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article imageOp-Ed: The future of theatre: Is this the final curtain call?

By Elizabeth Grey     Dec 18, 2014 in Entertainment
London - In 2014, just how relevant is theatre? In London audiences have been falling gradually for the past few years, but away from the capital the decline is even more marked. So what's causing these slumps? And is this really the end of theatre as we know it?
Away from the capital the decline is even more marked: total audiences have fallen by more than 10 percent over a two-year period. It gets even worse for non-national theatre companies, who have reported an audience decline of 13 percent.
While the decline in attendance was initially blamed on the recession, in truth most theatres have been struggling for years to maintain their numbers. A report by think-tank The Policy Studies Institute in 2001 found that despite record levels of public funding, the percentage of adults attending arts events were either stagnant or decreasing — and the evolution of digital media is often held as a culprit for this decline.
However, all is not lost in the theatre world just yet. While general attendance throughout the UK has fallen, London isn’t faring so badly and has lost only 4 percent of its general audience. Nearly 15 million people watched West End performances last year, which is very reasonable considering the current economic climate. In addition, national companies such as the National Theatre and the Royal Shakespeare Company have actually seen their audiences increase by around 400,000 people over the past two years.
Arts Council England's Head of Theatre Neil Darlison said: "I think the encouraging thing is that known or paid attendance has stayed about level. If you look at the national companies, their attendance has risen – especially because of London transfers. In the capital, it would appear as buoyant as ever. Not only are attendances holding up, but cultural opportunities generally are growing in London."
While performance studies scholar Richard Schechner famously predicted the death of theatre, asserting that “theatre as we have known and practiced it – the staging of written dramas – will be the string quartet of the 21st century,” others feel it is only the traditional form of theatre that may be becoming obsolete. Many others in the industry reject the idea that theatre is dying, instead subscribing to the belief that it is rather experiencing a metamorphosis.
Tom Loughlin, the Chair of the Department of Theatre and Dance at the State University of New York agrees with this notion: "Theatre over the next 25 years will become smaller, less consequential and highly undervalued by society at large. But this will give it the time it needs to formulate and nurture itself and get ready for what the following 25 years will bring."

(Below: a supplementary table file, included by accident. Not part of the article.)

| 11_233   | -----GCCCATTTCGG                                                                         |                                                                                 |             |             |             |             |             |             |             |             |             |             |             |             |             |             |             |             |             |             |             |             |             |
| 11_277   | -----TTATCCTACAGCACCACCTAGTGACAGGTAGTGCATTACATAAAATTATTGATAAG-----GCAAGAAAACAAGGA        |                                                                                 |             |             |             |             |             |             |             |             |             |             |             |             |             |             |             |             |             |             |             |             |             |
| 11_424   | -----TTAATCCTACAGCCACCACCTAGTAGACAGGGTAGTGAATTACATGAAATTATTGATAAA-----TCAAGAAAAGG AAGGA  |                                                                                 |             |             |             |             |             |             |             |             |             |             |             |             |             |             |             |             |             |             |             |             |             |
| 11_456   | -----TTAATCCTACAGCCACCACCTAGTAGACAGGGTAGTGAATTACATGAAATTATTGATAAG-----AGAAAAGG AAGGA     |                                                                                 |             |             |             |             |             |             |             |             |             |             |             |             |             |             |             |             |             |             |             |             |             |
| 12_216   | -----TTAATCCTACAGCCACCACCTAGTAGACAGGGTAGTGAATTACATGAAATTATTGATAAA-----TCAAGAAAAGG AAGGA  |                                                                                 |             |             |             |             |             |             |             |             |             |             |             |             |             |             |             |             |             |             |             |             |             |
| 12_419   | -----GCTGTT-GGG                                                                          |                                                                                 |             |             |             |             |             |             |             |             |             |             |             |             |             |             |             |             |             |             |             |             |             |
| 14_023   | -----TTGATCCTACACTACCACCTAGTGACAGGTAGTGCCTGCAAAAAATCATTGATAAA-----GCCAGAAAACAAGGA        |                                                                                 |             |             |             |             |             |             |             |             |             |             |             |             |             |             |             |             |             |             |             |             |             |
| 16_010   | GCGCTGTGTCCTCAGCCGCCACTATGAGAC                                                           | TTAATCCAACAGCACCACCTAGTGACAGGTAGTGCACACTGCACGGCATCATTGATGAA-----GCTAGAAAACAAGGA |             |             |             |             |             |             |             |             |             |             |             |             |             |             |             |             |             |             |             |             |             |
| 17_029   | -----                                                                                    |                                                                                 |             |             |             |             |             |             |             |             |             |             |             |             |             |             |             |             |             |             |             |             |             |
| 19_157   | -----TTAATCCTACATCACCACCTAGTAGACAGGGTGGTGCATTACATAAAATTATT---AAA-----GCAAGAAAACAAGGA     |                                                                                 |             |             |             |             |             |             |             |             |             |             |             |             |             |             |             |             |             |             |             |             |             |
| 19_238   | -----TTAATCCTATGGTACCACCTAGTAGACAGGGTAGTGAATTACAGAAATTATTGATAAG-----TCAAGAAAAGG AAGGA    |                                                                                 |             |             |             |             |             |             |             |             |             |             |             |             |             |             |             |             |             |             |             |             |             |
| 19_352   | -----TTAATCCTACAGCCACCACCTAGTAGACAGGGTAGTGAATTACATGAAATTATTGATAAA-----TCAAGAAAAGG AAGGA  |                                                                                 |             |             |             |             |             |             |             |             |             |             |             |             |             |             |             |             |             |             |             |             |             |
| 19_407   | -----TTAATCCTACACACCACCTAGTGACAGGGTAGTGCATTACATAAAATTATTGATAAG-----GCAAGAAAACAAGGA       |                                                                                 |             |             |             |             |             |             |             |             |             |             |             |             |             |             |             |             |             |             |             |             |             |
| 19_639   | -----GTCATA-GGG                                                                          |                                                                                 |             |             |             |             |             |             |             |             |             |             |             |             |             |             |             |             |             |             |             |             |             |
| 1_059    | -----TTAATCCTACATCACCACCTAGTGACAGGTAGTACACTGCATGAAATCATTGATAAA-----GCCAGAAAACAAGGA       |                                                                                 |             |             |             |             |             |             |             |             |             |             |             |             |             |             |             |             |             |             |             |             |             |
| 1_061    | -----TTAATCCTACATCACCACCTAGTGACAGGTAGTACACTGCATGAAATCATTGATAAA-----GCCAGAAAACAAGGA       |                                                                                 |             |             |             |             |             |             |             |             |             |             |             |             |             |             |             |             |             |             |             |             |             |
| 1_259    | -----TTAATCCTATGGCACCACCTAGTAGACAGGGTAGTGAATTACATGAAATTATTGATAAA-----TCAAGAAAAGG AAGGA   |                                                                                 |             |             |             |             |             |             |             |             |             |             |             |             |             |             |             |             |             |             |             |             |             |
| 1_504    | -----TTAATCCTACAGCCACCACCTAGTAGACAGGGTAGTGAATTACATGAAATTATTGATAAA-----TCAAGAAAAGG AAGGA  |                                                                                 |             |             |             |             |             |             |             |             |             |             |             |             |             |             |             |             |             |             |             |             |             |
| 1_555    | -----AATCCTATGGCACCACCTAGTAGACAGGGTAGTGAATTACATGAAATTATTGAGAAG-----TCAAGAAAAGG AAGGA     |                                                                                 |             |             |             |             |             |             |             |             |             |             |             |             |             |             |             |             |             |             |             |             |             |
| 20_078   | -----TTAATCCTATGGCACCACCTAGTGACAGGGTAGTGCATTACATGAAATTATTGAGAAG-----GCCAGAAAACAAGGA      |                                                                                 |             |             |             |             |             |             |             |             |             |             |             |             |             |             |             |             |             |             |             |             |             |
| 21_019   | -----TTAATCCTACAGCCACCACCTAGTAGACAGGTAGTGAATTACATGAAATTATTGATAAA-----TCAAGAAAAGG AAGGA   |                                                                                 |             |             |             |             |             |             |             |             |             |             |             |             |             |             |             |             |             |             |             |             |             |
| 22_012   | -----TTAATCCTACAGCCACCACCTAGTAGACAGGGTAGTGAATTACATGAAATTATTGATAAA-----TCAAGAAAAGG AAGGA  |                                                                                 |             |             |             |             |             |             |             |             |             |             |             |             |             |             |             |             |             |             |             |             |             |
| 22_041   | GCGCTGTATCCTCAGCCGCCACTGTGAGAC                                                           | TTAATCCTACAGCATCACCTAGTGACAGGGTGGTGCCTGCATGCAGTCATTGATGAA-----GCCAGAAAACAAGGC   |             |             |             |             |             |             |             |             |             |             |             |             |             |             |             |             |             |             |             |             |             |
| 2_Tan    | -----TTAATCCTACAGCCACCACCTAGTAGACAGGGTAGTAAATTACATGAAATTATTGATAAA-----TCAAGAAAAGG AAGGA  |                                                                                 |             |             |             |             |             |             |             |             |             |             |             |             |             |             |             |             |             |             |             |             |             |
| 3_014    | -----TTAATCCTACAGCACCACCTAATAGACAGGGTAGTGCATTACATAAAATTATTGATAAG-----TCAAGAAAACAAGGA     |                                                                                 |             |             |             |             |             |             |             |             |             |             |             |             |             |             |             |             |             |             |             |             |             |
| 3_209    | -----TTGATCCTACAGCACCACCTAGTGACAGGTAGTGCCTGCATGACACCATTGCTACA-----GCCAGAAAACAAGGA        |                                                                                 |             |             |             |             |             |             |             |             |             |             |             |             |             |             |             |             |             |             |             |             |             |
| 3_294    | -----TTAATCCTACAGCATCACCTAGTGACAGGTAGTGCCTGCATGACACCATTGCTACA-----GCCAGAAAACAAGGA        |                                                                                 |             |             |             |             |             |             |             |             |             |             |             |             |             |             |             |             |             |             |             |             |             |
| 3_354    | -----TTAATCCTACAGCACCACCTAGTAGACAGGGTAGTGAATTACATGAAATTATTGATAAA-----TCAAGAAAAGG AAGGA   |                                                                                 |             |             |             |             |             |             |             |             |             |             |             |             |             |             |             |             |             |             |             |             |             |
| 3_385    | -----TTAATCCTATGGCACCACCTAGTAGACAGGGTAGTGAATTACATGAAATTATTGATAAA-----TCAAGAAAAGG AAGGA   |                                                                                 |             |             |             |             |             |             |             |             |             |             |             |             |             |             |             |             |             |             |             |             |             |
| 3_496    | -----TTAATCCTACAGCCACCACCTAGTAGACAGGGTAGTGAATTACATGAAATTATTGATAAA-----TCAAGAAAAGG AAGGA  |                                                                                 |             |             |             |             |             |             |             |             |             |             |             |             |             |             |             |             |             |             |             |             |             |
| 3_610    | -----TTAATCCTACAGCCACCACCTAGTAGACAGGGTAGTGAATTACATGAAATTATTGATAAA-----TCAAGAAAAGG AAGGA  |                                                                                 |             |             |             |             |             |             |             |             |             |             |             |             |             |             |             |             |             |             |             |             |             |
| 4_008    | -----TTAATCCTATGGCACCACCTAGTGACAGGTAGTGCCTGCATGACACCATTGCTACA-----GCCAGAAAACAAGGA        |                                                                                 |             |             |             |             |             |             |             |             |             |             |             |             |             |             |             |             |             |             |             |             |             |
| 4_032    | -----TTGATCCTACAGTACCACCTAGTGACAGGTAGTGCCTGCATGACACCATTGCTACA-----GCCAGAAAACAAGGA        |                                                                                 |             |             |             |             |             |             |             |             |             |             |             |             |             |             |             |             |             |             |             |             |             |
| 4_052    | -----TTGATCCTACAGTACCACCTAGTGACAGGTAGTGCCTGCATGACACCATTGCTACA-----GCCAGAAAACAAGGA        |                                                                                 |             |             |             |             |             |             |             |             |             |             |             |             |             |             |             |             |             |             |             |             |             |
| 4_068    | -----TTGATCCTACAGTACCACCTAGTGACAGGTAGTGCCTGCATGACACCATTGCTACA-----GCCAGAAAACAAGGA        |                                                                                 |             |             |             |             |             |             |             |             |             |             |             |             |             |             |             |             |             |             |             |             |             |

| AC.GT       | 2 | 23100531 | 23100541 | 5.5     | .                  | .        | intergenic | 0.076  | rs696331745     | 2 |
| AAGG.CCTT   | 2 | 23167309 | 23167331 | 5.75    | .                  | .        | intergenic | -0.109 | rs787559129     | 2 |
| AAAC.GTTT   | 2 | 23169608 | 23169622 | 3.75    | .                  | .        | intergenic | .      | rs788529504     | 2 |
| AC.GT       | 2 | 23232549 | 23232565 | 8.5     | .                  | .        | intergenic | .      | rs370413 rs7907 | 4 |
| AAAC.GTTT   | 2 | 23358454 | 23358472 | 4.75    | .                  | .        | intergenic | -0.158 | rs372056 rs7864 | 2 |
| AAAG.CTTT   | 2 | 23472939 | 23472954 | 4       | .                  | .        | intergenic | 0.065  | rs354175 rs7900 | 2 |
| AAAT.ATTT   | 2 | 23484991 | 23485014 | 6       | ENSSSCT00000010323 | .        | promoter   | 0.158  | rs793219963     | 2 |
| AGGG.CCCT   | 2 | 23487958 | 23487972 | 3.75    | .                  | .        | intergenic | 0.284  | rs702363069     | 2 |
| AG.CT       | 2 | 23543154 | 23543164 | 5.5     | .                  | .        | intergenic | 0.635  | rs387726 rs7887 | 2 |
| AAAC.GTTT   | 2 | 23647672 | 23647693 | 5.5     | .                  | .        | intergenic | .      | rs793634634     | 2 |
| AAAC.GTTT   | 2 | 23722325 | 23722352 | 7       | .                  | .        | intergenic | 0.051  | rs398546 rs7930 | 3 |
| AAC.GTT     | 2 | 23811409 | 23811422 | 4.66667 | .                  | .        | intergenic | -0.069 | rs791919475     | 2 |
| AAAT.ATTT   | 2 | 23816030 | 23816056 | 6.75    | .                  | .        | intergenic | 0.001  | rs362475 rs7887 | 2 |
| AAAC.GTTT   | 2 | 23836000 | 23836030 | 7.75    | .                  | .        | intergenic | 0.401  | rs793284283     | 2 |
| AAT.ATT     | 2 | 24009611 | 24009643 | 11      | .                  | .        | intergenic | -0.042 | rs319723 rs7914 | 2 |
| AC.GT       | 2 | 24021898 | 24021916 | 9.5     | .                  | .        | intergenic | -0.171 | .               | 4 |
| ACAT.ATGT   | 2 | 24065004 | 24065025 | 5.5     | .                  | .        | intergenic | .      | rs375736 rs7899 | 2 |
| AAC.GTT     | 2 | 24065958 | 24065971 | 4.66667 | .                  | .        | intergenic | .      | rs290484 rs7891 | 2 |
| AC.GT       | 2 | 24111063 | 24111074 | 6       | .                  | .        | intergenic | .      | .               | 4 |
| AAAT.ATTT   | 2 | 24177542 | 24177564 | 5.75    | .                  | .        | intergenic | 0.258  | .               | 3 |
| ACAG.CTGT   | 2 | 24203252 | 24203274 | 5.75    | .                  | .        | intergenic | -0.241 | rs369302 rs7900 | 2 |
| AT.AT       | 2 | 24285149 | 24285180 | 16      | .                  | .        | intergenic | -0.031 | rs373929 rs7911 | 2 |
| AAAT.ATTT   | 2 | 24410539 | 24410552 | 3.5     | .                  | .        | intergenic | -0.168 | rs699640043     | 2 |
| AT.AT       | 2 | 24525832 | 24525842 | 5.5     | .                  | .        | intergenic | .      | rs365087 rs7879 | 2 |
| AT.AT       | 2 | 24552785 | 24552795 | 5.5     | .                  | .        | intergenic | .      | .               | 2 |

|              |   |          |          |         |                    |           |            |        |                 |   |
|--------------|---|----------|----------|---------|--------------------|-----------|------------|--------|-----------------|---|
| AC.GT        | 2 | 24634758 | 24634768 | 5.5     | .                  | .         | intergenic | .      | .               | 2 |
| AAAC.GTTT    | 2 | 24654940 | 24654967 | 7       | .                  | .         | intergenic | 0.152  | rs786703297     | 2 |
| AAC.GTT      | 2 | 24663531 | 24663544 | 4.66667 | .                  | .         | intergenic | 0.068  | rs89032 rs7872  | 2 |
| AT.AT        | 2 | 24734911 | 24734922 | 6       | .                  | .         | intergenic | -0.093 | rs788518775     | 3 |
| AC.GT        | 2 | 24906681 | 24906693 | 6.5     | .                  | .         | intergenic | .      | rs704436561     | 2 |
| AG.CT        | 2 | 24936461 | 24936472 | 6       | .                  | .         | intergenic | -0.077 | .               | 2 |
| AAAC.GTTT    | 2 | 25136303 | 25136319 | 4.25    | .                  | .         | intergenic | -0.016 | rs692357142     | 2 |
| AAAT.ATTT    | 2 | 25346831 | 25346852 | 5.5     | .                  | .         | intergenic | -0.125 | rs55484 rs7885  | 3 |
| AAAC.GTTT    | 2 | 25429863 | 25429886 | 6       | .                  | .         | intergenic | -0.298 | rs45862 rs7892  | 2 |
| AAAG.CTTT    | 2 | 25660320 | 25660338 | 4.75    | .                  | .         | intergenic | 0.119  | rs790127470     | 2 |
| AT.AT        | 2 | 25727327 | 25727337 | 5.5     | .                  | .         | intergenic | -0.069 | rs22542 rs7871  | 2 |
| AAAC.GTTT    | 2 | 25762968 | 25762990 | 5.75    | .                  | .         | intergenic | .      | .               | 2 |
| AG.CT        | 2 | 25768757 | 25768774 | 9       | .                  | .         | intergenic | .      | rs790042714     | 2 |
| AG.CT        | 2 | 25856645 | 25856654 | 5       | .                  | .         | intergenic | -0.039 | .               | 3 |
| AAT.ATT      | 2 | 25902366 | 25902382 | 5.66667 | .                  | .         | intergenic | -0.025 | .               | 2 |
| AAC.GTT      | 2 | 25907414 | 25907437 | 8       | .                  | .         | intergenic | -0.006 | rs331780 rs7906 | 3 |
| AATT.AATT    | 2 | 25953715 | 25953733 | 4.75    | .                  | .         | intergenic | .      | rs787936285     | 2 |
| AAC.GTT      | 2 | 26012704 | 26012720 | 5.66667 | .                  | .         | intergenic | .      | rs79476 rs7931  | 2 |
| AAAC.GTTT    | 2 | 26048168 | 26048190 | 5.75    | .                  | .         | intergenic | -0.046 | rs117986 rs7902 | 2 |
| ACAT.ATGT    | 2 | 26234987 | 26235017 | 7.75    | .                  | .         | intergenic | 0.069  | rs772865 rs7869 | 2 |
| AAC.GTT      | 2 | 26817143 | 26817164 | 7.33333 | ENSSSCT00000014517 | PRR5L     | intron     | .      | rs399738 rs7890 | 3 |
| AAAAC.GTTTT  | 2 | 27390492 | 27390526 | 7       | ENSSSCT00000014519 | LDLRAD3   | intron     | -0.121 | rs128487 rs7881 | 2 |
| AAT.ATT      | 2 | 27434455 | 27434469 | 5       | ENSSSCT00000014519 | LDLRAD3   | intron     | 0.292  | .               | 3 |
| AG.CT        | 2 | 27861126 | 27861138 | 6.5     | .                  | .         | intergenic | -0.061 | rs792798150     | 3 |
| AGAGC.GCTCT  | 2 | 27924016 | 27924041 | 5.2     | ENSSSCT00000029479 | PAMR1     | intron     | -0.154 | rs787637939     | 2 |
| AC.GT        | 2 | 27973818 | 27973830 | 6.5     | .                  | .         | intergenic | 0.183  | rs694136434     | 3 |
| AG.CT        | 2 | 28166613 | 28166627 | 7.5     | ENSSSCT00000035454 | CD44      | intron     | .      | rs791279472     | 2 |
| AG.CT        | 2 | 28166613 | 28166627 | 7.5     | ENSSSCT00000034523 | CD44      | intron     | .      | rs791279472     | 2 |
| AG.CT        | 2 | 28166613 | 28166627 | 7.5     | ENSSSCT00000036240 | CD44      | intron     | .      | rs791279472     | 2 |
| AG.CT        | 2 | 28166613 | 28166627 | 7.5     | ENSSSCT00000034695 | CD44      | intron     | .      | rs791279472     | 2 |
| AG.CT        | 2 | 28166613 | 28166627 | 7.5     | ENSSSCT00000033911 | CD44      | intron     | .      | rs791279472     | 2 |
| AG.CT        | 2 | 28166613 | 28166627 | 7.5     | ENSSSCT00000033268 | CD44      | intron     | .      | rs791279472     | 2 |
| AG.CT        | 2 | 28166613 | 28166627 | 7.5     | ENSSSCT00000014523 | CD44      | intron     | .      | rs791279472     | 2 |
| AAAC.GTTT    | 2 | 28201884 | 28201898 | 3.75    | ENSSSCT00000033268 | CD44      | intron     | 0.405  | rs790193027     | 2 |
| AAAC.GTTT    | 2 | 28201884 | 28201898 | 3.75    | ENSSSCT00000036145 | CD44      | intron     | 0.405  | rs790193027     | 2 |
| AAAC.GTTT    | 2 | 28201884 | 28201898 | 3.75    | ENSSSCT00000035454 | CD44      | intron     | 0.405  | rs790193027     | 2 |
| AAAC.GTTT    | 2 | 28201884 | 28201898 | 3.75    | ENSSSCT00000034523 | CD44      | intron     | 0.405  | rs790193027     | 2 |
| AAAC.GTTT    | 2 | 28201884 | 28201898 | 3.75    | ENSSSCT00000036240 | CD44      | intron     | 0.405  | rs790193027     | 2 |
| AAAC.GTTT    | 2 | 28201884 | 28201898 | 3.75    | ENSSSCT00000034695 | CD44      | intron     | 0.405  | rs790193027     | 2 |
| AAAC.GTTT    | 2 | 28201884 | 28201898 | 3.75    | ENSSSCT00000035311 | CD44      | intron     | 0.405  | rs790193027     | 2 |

So what will the next 25 years bring? The influence of digital technology within theatre productions certainly cannot be overstated. The dawn of multimedia-enriched performances by popular theatre companies such as Complicité and The Blue Man Group have set the standard for what is now expected of a theatre — and often that is the inclusion of interactive media.
While the burgeoning affiliation between technology and theatre has unsurprisingly proved to be the source of much disagreement within the industry, the success of these productions also can’t be ignored. Research has shown that the addition of digital multimedia helps entice younger audiences who previously may not have thought theatre was for them — like in the case of Ghost Stories.
In their efforts to communicate the power of theatre to a new, younger audience, producers decided to create a viral “cinema style” film that felt similar to a horror trailer. The viral was an unprecedented success and received 50,000 views— a staggering figure when compared to an earlier show which drew 5,500 over a much longer period of time – and Ghost Stories went on to break all box office records.
It seems that the digital revolution is creating a new strain of consumers who are expecting more from theatre performances, and the industry will inevitably adapt to that demand. While it is undeniably evolving with the times, theatre exists in every society around the world and, despite the naysayers, behind each digital communication is a human being. As long as we can relate to the fundamental message within theatre production, surely anything that heightens an audience’s sensory experience can only be a positive?
This opinion article was written by an independent writer. The opinions and views expressed herein are those of the author and are not necessarily intended to reflect those of DigitalJournal.com
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